Phoenixville School Board plans to sell property of closed school

PHOENIXVILLE – The question of what to do with the Phoenixville Kindergarten Closed Center and the more than seven acres of land it sits on has become a matter of growing public interest.

The matter will again be the subject of public debate at 7 p.m. Thursday at the Phoenixville Area High School auditorium, when a public forum on the matter takes place.

The Phoenixville Kindergarten Center closed in 2017. (Evan Brandt – MediaNews Group)

The one-story building, often referred to as Second Avenue School, opened in 1958. It closed in July 2017 after the district’s brand new early learning center opened on Pothouse Road.

Since then, the question of what to do with the property has been discussed, a discussion that drew nearly 20 comments from the public at the October 18 school board meeting.

All of these speakers urged the district to try and preserve the property somehow, rather than selling it to real estate developers who have already made a few offers for the plot. The Borough of Phoenixville is also in the running, which has made a bid of $ 1.8 million for the property, which spans 7.4 acres.

The property on which the Phoenixville Kindergarten Center sits is 7.4 and includes fields, a playground, and woodlands along the Schuylkill River. (Evan Brandt – MediaNews Group)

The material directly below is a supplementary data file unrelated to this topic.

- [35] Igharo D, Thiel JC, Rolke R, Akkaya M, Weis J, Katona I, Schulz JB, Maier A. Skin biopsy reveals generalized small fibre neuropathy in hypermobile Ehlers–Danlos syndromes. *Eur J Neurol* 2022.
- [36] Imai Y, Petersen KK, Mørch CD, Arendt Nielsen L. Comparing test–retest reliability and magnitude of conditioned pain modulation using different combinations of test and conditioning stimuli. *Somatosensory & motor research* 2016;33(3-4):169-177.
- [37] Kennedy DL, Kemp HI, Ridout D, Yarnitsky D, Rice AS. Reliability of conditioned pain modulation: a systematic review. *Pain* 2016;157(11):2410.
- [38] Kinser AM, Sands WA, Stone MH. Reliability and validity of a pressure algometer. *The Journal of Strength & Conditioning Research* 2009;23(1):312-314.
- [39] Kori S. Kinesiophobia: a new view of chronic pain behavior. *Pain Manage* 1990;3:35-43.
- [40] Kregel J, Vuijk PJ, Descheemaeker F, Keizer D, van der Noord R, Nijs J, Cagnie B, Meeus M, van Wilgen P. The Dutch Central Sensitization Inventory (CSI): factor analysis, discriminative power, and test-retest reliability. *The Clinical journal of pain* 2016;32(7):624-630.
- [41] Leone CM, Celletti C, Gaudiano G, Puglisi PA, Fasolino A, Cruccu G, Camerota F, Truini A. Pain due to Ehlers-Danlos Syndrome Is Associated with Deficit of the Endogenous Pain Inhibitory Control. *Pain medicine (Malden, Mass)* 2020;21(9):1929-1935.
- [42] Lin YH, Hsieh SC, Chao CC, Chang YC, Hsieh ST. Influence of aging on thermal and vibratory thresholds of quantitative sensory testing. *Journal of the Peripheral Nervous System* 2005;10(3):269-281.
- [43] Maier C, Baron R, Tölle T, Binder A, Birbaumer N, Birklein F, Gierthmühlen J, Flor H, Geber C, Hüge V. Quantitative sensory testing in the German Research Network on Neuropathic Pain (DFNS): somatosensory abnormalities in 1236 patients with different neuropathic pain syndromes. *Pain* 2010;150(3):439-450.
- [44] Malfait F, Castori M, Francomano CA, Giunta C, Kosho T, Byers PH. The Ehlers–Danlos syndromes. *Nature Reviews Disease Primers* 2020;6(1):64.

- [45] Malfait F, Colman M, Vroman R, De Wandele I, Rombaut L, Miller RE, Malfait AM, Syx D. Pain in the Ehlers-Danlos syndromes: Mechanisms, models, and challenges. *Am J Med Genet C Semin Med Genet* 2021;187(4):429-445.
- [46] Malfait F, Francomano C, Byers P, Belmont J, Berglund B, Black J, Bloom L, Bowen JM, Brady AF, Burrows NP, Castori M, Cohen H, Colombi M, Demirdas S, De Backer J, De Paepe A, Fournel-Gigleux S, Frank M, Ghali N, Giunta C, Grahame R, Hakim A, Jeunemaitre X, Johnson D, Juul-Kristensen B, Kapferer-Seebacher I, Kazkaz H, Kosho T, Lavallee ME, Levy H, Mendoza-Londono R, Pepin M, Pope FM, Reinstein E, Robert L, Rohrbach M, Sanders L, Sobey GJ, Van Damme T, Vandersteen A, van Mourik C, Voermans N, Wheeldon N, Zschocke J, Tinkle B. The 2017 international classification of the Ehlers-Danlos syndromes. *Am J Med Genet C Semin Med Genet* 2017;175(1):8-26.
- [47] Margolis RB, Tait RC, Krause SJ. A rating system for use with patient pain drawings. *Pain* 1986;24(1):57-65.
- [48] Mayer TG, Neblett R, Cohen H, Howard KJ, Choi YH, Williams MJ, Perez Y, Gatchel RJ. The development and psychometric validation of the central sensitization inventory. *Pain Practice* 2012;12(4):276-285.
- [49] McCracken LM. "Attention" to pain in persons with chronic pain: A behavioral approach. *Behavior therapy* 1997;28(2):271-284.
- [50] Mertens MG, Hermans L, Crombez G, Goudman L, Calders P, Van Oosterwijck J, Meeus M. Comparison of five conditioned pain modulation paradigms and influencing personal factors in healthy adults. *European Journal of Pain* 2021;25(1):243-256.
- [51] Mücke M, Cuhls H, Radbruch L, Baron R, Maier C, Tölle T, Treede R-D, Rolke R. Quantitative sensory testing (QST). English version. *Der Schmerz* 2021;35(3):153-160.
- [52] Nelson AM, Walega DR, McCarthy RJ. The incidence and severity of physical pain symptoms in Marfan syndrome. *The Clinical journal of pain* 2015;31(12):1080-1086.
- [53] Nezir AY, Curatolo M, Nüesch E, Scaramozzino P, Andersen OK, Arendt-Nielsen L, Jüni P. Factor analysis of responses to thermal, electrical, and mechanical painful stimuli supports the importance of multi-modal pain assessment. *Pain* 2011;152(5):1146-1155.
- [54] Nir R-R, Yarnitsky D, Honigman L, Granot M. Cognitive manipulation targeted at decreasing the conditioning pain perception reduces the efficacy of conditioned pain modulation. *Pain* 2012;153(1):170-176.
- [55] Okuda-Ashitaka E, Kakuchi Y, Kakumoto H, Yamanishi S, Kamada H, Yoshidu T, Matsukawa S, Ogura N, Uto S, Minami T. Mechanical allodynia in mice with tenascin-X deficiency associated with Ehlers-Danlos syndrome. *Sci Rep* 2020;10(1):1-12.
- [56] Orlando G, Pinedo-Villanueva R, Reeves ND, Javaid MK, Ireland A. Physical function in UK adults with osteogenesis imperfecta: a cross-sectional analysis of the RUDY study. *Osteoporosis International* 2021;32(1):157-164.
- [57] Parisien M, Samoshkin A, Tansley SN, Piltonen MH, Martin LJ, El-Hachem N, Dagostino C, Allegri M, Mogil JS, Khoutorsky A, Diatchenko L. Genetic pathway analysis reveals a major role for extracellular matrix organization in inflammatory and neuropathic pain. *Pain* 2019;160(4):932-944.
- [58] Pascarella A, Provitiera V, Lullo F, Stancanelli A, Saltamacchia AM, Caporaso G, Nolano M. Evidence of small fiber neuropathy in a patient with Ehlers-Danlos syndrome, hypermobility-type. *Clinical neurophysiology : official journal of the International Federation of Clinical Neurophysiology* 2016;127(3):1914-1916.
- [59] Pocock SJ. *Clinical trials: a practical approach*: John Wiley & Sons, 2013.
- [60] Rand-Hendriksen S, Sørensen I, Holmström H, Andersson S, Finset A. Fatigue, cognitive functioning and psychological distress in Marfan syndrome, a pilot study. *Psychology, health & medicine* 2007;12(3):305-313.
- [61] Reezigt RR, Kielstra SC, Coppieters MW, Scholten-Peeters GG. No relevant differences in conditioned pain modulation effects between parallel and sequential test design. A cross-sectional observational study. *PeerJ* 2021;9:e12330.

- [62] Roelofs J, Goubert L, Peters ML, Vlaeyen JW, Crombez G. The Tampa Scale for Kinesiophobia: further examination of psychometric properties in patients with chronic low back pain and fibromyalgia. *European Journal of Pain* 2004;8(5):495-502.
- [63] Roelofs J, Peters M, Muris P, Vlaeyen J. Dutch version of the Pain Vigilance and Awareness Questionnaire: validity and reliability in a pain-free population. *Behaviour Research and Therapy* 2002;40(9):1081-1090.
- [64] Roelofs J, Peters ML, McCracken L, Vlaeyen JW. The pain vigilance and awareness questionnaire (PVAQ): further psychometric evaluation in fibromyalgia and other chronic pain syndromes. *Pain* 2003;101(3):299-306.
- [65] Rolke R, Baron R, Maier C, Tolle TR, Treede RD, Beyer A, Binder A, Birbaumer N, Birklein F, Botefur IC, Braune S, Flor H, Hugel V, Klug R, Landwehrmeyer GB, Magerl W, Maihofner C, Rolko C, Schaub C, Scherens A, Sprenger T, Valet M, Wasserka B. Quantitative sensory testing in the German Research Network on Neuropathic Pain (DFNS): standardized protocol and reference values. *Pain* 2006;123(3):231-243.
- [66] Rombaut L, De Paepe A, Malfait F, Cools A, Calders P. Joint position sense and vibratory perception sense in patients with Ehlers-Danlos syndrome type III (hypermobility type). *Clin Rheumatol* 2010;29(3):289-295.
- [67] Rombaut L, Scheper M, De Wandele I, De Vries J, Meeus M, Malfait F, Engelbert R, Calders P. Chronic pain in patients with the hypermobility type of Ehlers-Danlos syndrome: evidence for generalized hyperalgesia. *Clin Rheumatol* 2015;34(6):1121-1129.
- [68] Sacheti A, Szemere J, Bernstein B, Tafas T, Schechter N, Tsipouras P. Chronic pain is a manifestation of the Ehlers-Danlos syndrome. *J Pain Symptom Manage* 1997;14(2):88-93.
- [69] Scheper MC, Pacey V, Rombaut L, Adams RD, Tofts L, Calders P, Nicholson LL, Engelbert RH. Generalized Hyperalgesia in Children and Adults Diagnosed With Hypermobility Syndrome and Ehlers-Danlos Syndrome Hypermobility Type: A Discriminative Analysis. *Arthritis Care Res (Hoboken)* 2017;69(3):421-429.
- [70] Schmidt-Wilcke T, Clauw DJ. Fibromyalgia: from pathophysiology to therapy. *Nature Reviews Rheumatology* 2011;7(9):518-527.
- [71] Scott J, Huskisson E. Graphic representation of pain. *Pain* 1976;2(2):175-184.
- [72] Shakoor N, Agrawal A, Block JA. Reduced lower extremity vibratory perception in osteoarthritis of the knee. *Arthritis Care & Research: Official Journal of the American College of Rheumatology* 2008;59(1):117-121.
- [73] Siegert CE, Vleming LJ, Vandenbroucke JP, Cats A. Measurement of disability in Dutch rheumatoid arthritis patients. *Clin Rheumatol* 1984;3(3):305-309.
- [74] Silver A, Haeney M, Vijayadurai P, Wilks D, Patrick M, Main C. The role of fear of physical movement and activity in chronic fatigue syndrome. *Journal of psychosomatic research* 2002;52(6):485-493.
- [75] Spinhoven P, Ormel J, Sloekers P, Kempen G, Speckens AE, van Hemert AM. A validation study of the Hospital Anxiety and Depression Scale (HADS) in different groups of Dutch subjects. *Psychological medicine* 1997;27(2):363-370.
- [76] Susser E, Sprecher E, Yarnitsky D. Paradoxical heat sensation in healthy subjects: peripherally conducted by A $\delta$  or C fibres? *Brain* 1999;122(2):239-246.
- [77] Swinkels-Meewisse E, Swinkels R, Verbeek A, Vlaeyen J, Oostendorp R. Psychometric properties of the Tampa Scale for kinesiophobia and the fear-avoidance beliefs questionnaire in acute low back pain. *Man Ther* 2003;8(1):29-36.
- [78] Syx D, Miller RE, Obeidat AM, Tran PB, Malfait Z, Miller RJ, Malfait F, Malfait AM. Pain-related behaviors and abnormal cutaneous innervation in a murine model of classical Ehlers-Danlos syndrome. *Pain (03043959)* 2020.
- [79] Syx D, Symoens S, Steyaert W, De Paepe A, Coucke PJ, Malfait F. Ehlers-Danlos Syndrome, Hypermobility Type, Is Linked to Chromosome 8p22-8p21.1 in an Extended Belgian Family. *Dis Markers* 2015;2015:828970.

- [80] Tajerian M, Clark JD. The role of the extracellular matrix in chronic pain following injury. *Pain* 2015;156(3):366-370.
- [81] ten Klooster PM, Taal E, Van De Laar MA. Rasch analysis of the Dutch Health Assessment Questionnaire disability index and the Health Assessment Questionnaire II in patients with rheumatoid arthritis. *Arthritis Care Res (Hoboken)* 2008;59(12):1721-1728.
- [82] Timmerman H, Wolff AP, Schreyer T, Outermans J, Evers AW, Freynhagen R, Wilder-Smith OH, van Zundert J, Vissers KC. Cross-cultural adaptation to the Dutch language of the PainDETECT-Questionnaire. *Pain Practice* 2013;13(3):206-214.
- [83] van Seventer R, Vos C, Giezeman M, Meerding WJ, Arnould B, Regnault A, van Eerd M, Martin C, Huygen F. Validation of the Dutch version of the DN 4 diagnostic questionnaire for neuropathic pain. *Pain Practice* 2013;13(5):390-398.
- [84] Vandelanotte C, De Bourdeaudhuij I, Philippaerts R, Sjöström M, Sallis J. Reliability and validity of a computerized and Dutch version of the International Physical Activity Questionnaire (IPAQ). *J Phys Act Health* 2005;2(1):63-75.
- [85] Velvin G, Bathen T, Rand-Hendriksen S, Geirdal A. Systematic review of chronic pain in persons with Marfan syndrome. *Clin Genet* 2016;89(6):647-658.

However, the borough’s offer would take the longest to materialize because it takes 36 months to obtain enough subsidies to pay for the purchase.

Phoenixville Borough Director E. Jean Krack said the Borough’s proposal was not yet fully formed, but the initial idea “is to create some kind of learning center on Borough activities – we treat drinking water and wastewater, manage rainwater and waste and recycling. “

Buying the property would also ensure “that we don’t alter the look and feel of their borough and this neighborhood,” he said. It would also keep property out of the role of property tax.

The most lucrative offer comes from Toll Brothers, a developer who is offering $ 3.9 million for the property and has indicated it will use it to build townhouses, according to a presentation to the school board on October 18. by Superintendent Alan Fegley.

Another developer, Rockwell, is offering $ 3.77 million and is reportedly building townhouses as well. According to Fegley’s presentation, these two proposals would add about 20 children to district classrooms and could provide $ 500,000 to $ 800,000 in annual tax revenue once developed.

And a fourth offer for the property comes from Erin Development, which is offering $ 1,720,000.

It was pointed out that the district purchased a 30-acre plot off Hares Hill Road for $ 3.5 million on which it intends to build a new East Pikeland elementary school and that the money from the sale of the old kindergarten could be used to offset part of this cost.

But if speakers at the October 18 meeting are any indication, public sentiment is in favor of preventing further development of the property, whether through the borough’s offer or otherwise. .

Meagan Connelly addressed the school board on October 18. (Image of screenshot)